Study After Study Has Shown…

First, duplicative studies won’t get us any closer to a cure. Second, this is not the best use of the limited resources available as we seek high-quality research.

“Study after study has shown..” is not what we in the patient community wish to continue hearing. Case in point is the exercise issue that has been found to help in all aspects of the disease, from helping with depression, mobility, and perhaps even delay the progression. This may be one of the most effective ways, at this point, to help many, but not everyone is on the same page as to the types and duration of the exercise. Putting out a press release but not following up with groups in the patient community and the medical community that can help spread the word seems to make the results a moot point. Clinical trial results need to come off of the shelves and out of the peer-reviewed journals and put into practice.

(The issue addressed here applies only to clinical trials in which patients volunteer to participate. Basic science research and translational research are an entirely separate type of research that I’d like to approach separately at a later time.)

The quality vs. quantity issue comes into play in almost everything that we deal with as we strive to influence research. Many of our fellow people living with Parkinson’s do a wonderful job of fundraising and donating to organizations for research. This in itself is no small feat because it takes much time and effort, and they rightfully should receive credit for the work that they do. These funds should be used wisely, for the benefit of the community with a few high-quality grants rather than many lower-quality grants that may continue the dreaded “study after study has shown” mantra. It is not being cynical in any way, it is just being honest in how research has been done and one of the things that we feel should be changed for the benefit of so many living with this incurable disease.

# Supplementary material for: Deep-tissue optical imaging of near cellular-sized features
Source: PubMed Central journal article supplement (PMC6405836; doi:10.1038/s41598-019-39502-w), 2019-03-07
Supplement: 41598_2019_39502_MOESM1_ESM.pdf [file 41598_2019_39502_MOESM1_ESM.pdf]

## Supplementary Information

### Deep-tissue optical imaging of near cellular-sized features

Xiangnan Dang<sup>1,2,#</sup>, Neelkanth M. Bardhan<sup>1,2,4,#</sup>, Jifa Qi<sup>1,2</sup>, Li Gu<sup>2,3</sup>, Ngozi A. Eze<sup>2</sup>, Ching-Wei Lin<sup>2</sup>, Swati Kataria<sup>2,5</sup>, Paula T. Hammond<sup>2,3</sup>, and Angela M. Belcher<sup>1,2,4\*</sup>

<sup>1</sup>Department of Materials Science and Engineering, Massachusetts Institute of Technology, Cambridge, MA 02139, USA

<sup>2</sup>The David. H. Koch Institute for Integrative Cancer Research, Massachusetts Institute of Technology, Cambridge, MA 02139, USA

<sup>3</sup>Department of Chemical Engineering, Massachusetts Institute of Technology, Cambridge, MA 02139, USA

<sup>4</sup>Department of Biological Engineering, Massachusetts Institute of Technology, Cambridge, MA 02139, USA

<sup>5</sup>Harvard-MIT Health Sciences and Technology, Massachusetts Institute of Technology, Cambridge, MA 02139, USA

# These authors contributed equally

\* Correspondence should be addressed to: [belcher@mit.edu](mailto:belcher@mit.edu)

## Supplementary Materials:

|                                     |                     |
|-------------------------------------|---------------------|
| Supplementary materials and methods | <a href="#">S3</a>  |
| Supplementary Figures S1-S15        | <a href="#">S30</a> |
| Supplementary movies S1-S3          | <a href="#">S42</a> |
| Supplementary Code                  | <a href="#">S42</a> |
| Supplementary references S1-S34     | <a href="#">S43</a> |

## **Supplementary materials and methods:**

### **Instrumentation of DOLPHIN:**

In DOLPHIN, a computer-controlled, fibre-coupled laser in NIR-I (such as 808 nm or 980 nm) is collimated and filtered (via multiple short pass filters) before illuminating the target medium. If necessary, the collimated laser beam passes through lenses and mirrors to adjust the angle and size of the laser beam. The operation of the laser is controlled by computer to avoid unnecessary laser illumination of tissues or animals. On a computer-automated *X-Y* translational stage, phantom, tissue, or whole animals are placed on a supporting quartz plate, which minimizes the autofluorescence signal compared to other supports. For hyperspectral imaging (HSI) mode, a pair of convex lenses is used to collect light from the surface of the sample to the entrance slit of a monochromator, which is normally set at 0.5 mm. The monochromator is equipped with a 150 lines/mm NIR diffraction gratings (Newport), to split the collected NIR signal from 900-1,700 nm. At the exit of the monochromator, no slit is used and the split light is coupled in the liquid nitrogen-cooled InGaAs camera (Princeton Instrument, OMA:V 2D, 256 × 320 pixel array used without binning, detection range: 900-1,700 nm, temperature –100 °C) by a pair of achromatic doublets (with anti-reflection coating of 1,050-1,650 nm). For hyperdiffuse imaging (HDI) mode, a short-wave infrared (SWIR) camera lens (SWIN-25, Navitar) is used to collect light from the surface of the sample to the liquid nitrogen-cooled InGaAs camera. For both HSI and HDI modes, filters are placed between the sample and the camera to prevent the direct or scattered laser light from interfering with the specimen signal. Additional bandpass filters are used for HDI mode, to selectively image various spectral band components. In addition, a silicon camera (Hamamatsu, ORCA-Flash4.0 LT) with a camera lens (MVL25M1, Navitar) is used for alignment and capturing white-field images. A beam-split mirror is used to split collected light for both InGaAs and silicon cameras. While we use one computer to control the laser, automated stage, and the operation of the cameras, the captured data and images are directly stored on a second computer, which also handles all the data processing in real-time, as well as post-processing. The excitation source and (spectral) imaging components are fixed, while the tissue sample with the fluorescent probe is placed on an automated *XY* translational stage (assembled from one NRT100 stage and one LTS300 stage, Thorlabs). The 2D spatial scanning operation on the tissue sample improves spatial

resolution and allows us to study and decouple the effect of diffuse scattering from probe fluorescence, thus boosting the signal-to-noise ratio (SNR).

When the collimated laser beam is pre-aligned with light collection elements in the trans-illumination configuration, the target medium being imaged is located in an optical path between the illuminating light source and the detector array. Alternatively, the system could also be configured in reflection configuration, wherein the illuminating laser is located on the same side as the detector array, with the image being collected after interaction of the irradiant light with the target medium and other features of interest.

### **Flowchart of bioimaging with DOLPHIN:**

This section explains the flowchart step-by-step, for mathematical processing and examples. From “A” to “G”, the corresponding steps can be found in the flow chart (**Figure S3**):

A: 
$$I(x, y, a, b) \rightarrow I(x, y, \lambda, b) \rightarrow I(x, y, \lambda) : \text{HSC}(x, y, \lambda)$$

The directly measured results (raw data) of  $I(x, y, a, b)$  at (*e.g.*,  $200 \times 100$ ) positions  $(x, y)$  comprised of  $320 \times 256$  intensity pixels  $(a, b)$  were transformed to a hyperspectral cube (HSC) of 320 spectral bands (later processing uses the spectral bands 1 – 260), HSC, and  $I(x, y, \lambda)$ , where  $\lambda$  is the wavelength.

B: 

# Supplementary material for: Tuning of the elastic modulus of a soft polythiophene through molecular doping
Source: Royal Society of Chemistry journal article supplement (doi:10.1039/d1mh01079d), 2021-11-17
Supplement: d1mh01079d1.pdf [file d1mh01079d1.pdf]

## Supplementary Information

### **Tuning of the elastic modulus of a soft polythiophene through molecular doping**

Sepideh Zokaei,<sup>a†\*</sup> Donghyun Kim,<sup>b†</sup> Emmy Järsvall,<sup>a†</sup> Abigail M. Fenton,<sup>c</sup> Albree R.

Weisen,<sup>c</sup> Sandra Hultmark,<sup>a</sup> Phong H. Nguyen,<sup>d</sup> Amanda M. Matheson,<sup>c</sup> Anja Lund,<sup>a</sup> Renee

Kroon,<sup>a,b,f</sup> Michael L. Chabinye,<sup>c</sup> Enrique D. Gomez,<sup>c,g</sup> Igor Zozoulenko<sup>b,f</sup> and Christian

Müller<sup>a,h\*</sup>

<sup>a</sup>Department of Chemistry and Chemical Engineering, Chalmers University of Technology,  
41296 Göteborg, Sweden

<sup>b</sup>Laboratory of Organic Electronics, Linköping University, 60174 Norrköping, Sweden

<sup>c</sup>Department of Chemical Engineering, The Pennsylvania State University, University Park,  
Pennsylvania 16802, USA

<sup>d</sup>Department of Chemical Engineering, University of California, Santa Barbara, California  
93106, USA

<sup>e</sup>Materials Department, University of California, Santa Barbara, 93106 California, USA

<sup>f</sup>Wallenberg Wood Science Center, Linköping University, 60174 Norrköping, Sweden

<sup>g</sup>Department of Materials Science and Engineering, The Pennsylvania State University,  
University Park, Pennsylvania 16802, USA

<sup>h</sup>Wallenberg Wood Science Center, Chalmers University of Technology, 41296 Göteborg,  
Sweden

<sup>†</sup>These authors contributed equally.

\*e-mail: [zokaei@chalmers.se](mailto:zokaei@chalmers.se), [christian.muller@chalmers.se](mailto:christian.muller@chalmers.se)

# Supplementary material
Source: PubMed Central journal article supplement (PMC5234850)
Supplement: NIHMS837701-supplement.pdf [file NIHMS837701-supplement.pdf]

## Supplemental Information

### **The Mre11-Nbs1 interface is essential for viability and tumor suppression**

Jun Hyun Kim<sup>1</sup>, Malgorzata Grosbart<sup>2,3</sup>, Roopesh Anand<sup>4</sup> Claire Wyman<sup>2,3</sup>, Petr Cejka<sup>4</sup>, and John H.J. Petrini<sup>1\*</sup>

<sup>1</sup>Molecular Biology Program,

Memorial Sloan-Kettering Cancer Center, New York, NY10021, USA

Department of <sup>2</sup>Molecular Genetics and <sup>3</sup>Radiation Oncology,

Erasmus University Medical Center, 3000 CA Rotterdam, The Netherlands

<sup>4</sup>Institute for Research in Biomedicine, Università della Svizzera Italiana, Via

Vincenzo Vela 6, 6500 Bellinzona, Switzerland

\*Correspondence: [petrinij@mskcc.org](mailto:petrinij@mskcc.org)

We live with, and deal with, the symptoms of Parkinson’s daily, but we don’t wish to have it with us for the rest of our lives. Do I feel different today as I did when I first became involved in the advocacy arena? Yes, I do. Why? Because I see some researchers doing much to help out, yet others that do the research for the sake of being published and not much else. Several years ago, I would have referred someone to a study or a trial that may have previously been done because it meant filled trials and patient involvement. Now, I still refer patients to trials, but only with trials that I feel are of worth, investigators that have the patient at the heart of what they do, research sites that cater to the needs of the volunteer, coordinators that are receptive to making sure that expenses related to participating in the trial are taken care of for the volunteer. In essence, we will and want to let others know what is good in research, what is not so good in research, and suggestions for working together to make it more effective. I take my role as an advocate very seriously and aim to help make the quality of life for the millions around the world living with Parkinson’s Disease, the best that it can be. I urge any, and all, to share your clinical trial experiences so that we can help improve enrollment rates, retention rates, and completion rates. No one else has the power to influence what is being done, how it is being done, and what is expected except for the volunteer community, with Parkinson’s Disease, and without.

The patient advocacy community is ready for the next level of engagement. Fellow advocate Larry Khan, from Georgia, has submitted a petition through change.org to the American Academy of Neurology and the American Medical Association titled, “Parkinson’s Patients Request Stronger Guidance From Neurologists on Exercise, Physical Therapy, Clinical Trials and Support Groups For Newly-Diagnosed Patients”. He is committed to changing how this particular aspect of research is being presented to the patient community. Parkinson’s Movement, an initiative of the Cure Parkinson’s Trust in England, is being developed in North America, and aims to take the lead as a patient-led organization to get us to the next level of quality engagement that will someday get us the relief that we need from living with this disease. It is not an easy task but we feel that it is necessary to take our responsibility seriously for all in the patient community.

Moving forward, we need the help of the patient, caregiver, and our family communities to join us at Parkinson’s Movement. Research for the sake of research needs to be changed to research for the sake of improving the quality of life of those of us living with a neurodegenerative disease and finding the elusive cure.



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